It seems that being Head of BBC Radio Scotland – and I might have got the exact correct title wrong – is pretty much like being the Bookwitch. (You come up with ideas, and then you make them happen.)
I had never heard of Jeff Zycinski. But then I don’t really listen to the radio. I sort of assumed he was Scotland’s Terry Wogan, or something, but it turns out he was more the man who came up with the idea for a programme like that and put ‘Wogan’ in front of the microphone. (Or should that be behind?) Except he did it with people and programmes in Scotland, which means no one has heard of him.
Or have they?
Anyway, now that he has left the BBC, Jeff is ‘telling it all’ in his book The Red Light Zone – which is a much less daring title than you might think. It’s not sex so much as the warning that you are on air. Good title, unless you are being sent it in a cryptic message on Facebook, making it look like Badger the Mystical Mutt had been hacked. (This is the first book I’ve reviewed, published by a fictional dog.)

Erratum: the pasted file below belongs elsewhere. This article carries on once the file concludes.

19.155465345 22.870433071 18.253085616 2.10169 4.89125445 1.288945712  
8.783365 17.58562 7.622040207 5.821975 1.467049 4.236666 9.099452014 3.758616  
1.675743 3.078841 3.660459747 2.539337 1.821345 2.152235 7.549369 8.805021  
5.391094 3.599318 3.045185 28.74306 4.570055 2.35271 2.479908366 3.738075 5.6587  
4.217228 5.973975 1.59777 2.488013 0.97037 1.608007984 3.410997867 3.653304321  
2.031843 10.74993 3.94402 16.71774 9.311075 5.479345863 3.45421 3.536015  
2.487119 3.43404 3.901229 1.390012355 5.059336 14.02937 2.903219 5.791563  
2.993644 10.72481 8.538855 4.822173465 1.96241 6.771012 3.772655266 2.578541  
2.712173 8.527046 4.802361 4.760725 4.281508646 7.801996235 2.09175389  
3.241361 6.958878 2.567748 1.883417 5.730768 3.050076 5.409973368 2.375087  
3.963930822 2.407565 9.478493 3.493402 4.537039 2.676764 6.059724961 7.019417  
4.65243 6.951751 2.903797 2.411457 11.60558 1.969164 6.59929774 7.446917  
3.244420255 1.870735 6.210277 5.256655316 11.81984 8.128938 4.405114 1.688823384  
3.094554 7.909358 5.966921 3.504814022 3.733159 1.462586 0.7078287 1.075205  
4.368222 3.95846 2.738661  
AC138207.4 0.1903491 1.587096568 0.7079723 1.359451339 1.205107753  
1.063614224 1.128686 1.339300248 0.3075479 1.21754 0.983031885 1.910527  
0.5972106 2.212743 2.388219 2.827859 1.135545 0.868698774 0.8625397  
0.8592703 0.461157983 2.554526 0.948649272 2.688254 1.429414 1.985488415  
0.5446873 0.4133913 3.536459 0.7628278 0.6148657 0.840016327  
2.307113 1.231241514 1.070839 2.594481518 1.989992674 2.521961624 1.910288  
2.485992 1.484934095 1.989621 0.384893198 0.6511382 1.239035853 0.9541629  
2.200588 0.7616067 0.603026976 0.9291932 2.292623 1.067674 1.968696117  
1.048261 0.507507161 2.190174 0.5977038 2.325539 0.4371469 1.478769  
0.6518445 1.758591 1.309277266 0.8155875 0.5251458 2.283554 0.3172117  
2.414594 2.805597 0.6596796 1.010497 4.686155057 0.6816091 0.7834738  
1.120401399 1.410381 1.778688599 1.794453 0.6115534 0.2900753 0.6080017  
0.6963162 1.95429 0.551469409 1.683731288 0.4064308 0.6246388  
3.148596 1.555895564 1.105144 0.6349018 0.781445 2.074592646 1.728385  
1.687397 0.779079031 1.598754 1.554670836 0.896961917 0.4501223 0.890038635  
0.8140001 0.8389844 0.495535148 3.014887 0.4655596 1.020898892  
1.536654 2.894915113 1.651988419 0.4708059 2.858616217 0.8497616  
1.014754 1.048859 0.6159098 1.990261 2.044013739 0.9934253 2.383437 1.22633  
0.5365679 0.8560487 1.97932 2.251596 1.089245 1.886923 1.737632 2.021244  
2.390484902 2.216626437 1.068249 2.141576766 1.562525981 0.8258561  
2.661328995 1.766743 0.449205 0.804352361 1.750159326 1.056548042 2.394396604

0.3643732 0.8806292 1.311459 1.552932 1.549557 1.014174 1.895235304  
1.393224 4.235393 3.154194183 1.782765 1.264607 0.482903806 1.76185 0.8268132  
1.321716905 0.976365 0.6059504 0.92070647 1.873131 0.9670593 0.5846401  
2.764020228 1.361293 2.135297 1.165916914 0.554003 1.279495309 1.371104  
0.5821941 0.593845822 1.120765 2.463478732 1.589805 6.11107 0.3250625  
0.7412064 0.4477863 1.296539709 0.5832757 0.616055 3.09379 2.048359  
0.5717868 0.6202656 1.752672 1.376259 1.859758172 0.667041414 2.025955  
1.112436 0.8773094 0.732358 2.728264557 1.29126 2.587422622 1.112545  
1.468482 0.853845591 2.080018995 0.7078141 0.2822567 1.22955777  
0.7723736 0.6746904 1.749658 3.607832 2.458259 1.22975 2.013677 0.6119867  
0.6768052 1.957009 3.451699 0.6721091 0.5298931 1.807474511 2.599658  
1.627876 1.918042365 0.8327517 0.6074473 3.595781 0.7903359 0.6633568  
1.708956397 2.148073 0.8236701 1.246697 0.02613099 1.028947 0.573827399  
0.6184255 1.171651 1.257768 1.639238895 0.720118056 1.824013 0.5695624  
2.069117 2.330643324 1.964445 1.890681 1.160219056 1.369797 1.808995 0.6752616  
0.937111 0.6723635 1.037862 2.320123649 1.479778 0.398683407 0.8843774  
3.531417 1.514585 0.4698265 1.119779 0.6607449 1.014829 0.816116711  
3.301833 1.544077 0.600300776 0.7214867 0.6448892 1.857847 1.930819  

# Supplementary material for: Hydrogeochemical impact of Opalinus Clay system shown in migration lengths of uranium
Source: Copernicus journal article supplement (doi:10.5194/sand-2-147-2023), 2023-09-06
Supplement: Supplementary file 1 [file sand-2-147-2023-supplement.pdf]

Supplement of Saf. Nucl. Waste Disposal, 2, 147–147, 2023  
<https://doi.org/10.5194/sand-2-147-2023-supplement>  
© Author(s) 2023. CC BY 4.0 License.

Jeff’s 25 years at the BBC make for interesting reading. There is some gossip, and we meet the Princess Royal as well as Chris Evans, and I now know much more about the various BBC DGs down in London, but it is mostly ordinary stuff. The running of radio for a quarter of a century.
I liked it. In the end so much that it acted as a painkiller, and I also had to put up with the Resident IT Consultant stealing the book whenever I wasn’t looking. Occasionally when I was looking, because I’m a nice witch. He liked it too.
If you remove the radio aspect from this biography, it still works as a description of 25 years of life in Scotland. I like the sound of Jeff’s wife. And their children. But I would rather that the dog had lived…